Life behind the lens with award-winning Army photographer

A British Army photographer, who won NATO photo of the year in 2022, shares his passion for taking pictures.

Corporal Rob Kane’s image of Pathfinders, jumping by freefall parachute into Exercise Swift Response in Macedonia, was chosen as the best image captured by photographers from the 30-nation strong NATO alliance last year.

Rob, aged 35, has been in the Army for 18 years. He originally worked as a recovery mechanic in the Royal Electrical and Mechanical Engineers and qualified as a military parachutist, before developing his love of photography and transferring to become a Royal Logistic Corps photographer in 2018.

He says,

“It was in my late twenties when I started enjoying documenting what I and my colleagues were doing. I did a lot of traveling with 16 Air Assault Brigade and I ended up taking a load of GoPro videos and stills on my phone.

“I was sharing images with colleagues and then started doing little bits for my unit.

“I used to go to Kenya two or three times a year with my unit and I would put together short video stories and stills showing what we were up to.”

The jobs I enjoy the most often involve planes. As well as being with the Pathfinders on Exercise Swift Response in Macedonia, I was on the tailgate with the Pathfinders when they jumped into Ukraine in 2020. Corporal Rob Kane, Army Photographer

As an Army photographer, Rob has been trained to the highest professional standards to capture both stills and video imagery. He says,

“I love both video and stills but the busier we get the more I enjoy stills because video involves a lot more work. But in our quieter times, I enjoy video because it deserves a lot more time and effort. Because the pace of operations for us is so high, we don’t always get the time we need to put into a video.”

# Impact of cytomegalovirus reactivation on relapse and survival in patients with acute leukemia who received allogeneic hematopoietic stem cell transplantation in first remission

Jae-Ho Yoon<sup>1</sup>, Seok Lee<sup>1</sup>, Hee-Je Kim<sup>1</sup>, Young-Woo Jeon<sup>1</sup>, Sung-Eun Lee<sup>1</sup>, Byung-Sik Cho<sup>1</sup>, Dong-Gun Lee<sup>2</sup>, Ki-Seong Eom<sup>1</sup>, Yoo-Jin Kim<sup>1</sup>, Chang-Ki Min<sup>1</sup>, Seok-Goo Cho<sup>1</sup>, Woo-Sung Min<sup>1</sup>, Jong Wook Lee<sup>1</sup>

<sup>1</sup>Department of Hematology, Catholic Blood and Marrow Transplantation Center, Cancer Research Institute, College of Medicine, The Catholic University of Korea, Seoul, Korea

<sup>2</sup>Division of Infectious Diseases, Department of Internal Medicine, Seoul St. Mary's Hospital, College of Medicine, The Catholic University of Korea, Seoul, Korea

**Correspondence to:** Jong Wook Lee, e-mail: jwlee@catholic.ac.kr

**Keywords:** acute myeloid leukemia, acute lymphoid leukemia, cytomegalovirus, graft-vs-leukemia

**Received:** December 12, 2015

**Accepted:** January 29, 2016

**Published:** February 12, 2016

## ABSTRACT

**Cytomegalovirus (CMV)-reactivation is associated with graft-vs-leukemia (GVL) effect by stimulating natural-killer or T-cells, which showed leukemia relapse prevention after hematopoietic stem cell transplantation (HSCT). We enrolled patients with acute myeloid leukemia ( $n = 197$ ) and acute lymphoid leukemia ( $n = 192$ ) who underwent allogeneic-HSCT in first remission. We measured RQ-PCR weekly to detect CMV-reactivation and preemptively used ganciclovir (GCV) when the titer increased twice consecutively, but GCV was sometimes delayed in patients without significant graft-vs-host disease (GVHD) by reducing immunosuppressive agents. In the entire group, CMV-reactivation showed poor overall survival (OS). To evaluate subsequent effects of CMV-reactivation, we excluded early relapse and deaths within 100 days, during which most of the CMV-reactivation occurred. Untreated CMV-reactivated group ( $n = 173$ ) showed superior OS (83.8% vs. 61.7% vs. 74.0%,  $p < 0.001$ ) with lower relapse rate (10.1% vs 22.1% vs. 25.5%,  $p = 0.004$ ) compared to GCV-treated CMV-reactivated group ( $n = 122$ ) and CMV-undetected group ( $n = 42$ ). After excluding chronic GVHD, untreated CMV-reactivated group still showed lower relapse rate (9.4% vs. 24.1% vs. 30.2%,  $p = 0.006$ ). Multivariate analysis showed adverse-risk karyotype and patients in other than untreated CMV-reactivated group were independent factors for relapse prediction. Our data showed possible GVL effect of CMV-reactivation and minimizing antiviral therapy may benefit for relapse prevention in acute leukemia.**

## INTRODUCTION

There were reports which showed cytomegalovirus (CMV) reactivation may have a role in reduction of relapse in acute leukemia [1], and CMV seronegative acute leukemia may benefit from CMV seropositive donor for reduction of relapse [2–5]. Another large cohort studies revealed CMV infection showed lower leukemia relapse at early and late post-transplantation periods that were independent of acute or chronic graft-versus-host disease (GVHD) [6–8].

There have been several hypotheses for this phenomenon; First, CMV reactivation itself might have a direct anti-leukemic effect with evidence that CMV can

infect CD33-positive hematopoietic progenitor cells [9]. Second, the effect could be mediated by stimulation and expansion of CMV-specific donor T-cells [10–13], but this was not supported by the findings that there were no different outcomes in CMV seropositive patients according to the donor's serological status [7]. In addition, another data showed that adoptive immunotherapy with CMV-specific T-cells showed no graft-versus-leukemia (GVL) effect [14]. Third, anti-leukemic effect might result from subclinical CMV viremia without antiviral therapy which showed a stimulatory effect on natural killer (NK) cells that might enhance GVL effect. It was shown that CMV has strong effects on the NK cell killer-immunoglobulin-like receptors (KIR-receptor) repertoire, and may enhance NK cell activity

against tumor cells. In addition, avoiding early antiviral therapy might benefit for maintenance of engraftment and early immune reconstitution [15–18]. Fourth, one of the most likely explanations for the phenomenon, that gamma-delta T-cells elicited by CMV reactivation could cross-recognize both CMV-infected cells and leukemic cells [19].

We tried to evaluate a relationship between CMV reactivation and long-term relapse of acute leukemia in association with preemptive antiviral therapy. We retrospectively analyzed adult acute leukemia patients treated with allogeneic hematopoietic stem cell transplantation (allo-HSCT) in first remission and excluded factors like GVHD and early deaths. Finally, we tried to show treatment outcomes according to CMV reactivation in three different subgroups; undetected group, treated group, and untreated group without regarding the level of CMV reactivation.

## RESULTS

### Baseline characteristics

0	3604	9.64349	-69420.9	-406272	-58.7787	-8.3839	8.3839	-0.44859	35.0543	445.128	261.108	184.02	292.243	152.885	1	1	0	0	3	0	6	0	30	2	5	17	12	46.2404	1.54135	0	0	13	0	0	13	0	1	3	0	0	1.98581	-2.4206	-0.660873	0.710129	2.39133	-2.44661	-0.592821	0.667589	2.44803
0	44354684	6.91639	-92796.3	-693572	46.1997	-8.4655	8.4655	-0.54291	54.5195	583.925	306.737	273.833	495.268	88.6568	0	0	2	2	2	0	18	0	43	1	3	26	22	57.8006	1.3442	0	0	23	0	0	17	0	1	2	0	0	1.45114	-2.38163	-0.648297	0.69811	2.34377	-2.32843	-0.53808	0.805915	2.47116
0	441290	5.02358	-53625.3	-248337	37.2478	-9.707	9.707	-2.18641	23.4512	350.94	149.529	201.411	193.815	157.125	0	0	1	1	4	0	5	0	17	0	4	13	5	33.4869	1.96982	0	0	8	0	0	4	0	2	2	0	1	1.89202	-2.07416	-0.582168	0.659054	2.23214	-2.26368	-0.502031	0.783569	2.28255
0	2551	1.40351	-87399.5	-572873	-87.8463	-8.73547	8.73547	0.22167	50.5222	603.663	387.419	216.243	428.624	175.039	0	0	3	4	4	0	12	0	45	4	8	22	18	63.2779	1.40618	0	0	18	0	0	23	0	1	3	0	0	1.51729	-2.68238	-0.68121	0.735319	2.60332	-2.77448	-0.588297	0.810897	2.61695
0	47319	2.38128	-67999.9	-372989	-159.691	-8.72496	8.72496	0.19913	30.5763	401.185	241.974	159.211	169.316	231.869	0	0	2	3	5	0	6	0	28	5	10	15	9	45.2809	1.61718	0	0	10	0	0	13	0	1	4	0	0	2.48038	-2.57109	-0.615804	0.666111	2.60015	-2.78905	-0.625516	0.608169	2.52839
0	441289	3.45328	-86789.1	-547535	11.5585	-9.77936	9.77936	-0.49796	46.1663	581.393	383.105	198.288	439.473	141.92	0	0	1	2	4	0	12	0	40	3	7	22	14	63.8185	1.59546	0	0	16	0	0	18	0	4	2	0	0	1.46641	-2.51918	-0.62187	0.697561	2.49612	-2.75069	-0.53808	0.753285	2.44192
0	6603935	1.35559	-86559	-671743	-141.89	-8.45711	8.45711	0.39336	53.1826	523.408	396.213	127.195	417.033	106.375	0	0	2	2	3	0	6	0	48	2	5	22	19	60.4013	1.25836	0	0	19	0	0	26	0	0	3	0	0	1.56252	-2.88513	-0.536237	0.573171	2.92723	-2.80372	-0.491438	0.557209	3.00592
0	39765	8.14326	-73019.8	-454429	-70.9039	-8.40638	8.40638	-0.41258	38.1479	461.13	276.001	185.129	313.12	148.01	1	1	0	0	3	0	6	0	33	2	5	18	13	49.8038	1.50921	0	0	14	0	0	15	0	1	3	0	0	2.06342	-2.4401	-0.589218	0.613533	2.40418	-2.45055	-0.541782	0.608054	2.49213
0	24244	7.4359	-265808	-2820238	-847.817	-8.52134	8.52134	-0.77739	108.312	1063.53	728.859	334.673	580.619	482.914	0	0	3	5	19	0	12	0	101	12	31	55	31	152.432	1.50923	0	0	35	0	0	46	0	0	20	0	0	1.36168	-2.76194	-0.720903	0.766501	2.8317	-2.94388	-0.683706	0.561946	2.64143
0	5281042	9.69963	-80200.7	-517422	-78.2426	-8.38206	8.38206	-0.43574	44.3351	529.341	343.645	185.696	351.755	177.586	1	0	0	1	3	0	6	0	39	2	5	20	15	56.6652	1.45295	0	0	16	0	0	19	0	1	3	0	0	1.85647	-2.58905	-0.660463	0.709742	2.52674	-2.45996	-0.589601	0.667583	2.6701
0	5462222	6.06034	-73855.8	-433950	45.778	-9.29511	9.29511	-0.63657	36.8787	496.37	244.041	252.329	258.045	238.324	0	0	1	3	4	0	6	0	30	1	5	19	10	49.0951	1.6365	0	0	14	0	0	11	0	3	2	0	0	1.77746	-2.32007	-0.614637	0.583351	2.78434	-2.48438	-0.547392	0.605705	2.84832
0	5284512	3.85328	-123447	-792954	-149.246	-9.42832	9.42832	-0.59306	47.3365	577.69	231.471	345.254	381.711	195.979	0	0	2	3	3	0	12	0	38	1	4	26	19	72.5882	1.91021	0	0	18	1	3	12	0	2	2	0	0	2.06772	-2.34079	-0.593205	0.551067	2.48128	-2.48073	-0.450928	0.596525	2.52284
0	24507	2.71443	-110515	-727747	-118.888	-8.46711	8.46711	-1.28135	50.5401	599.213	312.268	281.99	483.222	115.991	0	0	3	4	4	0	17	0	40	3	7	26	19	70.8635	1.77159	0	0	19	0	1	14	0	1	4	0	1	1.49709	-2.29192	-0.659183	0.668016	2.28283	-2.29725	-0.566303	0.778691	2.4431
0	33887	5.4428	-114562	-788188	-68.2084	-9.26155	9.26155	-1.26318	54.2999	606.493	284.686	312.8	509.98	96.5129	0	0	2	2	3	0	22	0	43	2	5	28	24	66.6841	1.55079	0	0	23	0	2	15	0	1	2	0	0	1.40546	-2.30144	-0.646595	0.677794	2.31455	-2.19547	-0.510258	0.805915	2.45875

Like all Army photographers, Rob is responsible for producing iconic imagery that captures moments in history. For instance, at Her Majesty Queen Elizabeth II’s funeral last September.

He works as part of a Combat Camera Team (CCT), who are the first ones out the door when needed, covering operations, training exercises, ceremonial occasions and other events.

CCTs deploy worldwide, often working under difficult conditions, wherever the Army needs imagery captured, such as when soldiers provide humanitarian support and take part in high-level international exercises as well as supporting UK operations.

Rob says,

“The jobs I enjoy the most often involve planes. As well as being with the Pathfinders on Exercise Swift Response in Macedonia, I was on the tailgate with the Pathfinders when they jumped into Ukraine in 2020.

“Going to Ukraine with 16 Brigade was amazing. I was with fellow Army photographer Corporal Danny Houghton on the plane. Danny was doing stills, while I was doing video, and won an award for a similar shot to mine in Macedonia two years later.”

To take his winning NATO photo, Rob had to have specialist medical training and steady nerves to work on the open back ramp of an RAF C-17 Globemaster while breathing through an oxygen feed. 

“This was the best job I’ve done,” he said. “There was every chance it wouldn’t happen because there were so many hoops to jump through. The opportunity was offered and, as a former 16 Brigade soldier, I had the interest and a head start on the necessary skills.”

Rob says the hardest part of his job is juggling the requirements of a task.

“I know that sounds really dull,” he says, “but I’ve often got majors and colonels calling for content from all directions. It’s such a busy job for most of the year.”

Rob is looking forward to a break from his fast-paced job with his wife, Ka Wai, expecting their first child. But when his paternity leave ends, Rob will be straight back into the thick of the action as an Army photographer, ready to grab his camera and go wherever in the world he is needed.